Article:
Great expectations: our naive optimism about medical care

Great expectations: our naive optimism about medical care

After reading this article by Tammy Hoffmann, A/Prof Clinical Epidemiology, Bond University; NHMRC Research Fellow at The University of Queensland and Chris Del Mar, Professor of Public Health at Bond University, you might feel a great deal more comfortable about being on Watch and Wait:

"Overly optimistic expectations undoubtedly contribute to the ever increasing use of health services and the growing problem of over-diagnosis, where disease labels are given even though the latent disease might not have ever caused symptoms, and over-treatment, where unnecessary treatments given."

There are a few interesting links included in the article, including the reference to the "Choosing Wisely" campaign, from which we recently saw an article about the lack of benefit from CT scans for early stage CLL patients:


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  • This is an interesting and timely discussion paper Neil and actually a subject I've discussed briefly with my own GP.

    Whenever surveys are conducted, it appears that the general public place doctors at the head of the table in terms of trust and authority. It places such a responsibility on GP's particularly to deliver holistic medical care in a consultation that often has a 10/12 min time slot allocation. I firmly believe that a combination of over expectation and expediency leads to a pure problem solving response based on the organic model of medicine. Which is why patients may go in with an intractable social problem and come out clutching a prescription for depression or insomnia.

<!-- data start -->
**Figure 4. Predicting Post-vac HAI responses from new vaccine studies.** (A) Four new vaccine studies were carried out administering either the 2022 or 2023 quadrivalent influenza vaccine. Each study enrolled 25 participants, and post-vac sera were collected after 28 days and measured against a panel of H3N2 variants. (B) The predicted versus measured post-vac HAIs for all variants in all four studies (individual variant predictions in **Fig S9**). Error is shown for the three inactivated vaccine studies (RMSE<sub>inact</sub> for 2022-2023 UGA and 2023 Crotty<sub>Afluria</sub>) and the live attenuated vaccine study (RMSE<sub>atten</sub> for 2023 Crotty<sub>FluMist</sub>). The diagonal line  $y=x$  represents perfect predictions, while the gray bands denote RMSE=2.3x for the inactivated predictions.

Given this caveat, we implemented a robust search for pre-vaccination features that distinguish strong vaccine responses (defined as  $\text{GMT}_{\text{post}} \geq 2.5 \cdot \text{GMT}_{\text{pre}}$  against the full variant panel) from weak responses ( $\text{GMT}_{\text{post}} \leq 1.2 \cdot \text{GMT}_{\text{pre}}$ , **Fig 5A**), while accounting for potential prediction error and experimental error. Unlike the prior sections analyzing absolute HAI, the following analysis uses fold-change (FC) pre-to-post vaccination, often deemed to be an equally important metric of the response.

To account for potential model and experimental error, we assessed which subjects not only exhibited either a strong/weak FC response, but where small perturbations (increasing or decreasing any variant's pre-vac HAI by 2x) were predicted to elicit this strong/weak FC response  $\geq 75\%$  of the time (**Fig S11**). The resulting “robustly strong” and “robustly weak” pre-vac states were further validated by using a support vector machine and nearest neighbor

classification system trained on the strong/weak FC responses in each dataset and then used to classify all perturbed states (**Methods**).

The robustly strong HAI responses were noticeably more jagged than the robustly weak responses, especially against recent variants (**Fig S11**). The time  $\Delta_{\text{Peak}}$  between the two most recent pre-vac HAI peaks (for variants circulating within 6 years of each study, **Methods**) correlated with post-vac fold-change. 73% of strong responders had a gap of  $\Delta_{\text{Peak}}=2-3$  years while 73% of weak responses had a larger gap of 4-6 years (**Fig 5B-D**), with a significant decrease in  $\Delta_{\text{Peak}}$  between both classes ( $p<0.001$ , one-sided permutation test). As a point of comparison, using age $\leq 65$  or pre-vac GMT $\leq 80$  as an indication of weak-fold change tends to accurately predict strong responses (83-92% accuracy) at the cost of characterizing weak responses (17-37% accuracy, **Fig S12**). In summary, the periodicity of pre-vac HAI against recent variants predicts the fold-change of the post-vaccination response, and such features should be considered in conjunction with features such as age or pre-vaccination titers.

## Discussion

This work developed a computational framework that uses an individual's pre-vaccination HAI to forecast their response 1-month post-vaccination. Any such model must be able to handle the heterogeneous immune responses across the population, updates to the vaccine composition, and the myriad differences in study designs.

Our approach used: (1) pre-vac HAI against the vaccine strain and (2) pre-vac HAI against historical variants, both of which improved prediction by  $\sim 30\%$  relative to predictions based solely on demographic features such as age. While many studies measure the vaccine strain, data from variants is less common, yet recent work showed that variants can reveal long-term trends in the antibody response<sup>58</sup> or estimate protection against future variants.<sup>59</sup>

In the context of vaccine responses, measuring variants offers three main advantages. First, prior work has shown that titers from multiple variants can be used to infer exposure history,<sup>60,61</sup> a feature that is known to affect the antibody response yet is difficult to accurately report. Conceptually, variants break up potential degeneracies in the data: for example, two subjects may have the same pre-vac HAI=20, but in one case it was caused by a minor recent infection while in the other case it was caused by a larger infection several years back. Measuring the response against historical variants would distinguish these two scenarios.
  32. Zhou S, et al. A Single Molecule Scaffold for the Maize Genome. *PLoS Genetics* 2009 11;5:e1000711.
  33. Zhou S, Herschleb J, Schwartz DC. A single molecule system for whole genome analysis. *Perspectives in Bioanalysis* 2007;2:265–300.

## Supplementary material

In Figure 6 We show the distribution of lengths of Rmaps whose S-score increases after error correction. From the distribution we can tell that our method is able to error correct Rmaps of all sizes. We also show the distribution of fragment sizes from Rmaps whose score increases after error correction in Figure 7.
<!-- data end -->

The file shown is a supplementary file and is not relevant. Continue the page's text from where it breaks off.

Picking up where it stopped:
The Royal College of General Practitioners has highlighted the need for doctors to address patient problems in physical, psychological and social terms. The most contemporary thinking about the consultation assumes it must be analysed with respect to these three features. It's called the 'triaxial' model I believe but in the present day NHS, I often wonder how realistic it is. The GP/primary care doctor can spend more time inputting computer data than diagnosing and so many patients believe he or she knows best and are unquestioning. But patients expect instant fixes sometimes and can be disappointed if they don't come out clutching a prescription. Hence the over-use of antibiotics and resultant resistance.

    I like the sound of the 'Choosing Wisely' campaign and of medicine delivered more in partnership with patients. They'll always be dinosaurs in the medical profession and unquestioning sheep amongst the general public however. I've actually found that many doctors love to be kept on their toes and they are the only ones I want treatment from! :-)

    As you can see, it's a subject I feel passionately about! Lol


  • Well done Newdawn for talking about this very important subject with your doctor. One of the benefits I'd like our membership to achieve from what they learn on this site, is to be encouraged by their increased CLL related medical knowledge so they'll use it as a foundational basis for a more equal partnership with their medical team. So I found this comment in the article particularly encouraging: "Modern medicine is slowly moving towards a commitment to true partnerships between clinicians and their patients. Realising that people often come to consultations with preconceptions and expectations is a step closer to achieving this."

    It is rather daunting in reading this article to discover how we "have set a halo around medical care", but at least by being aware of this halo effect, we'll be in a better position to make a sounder choice when we are offered different options.


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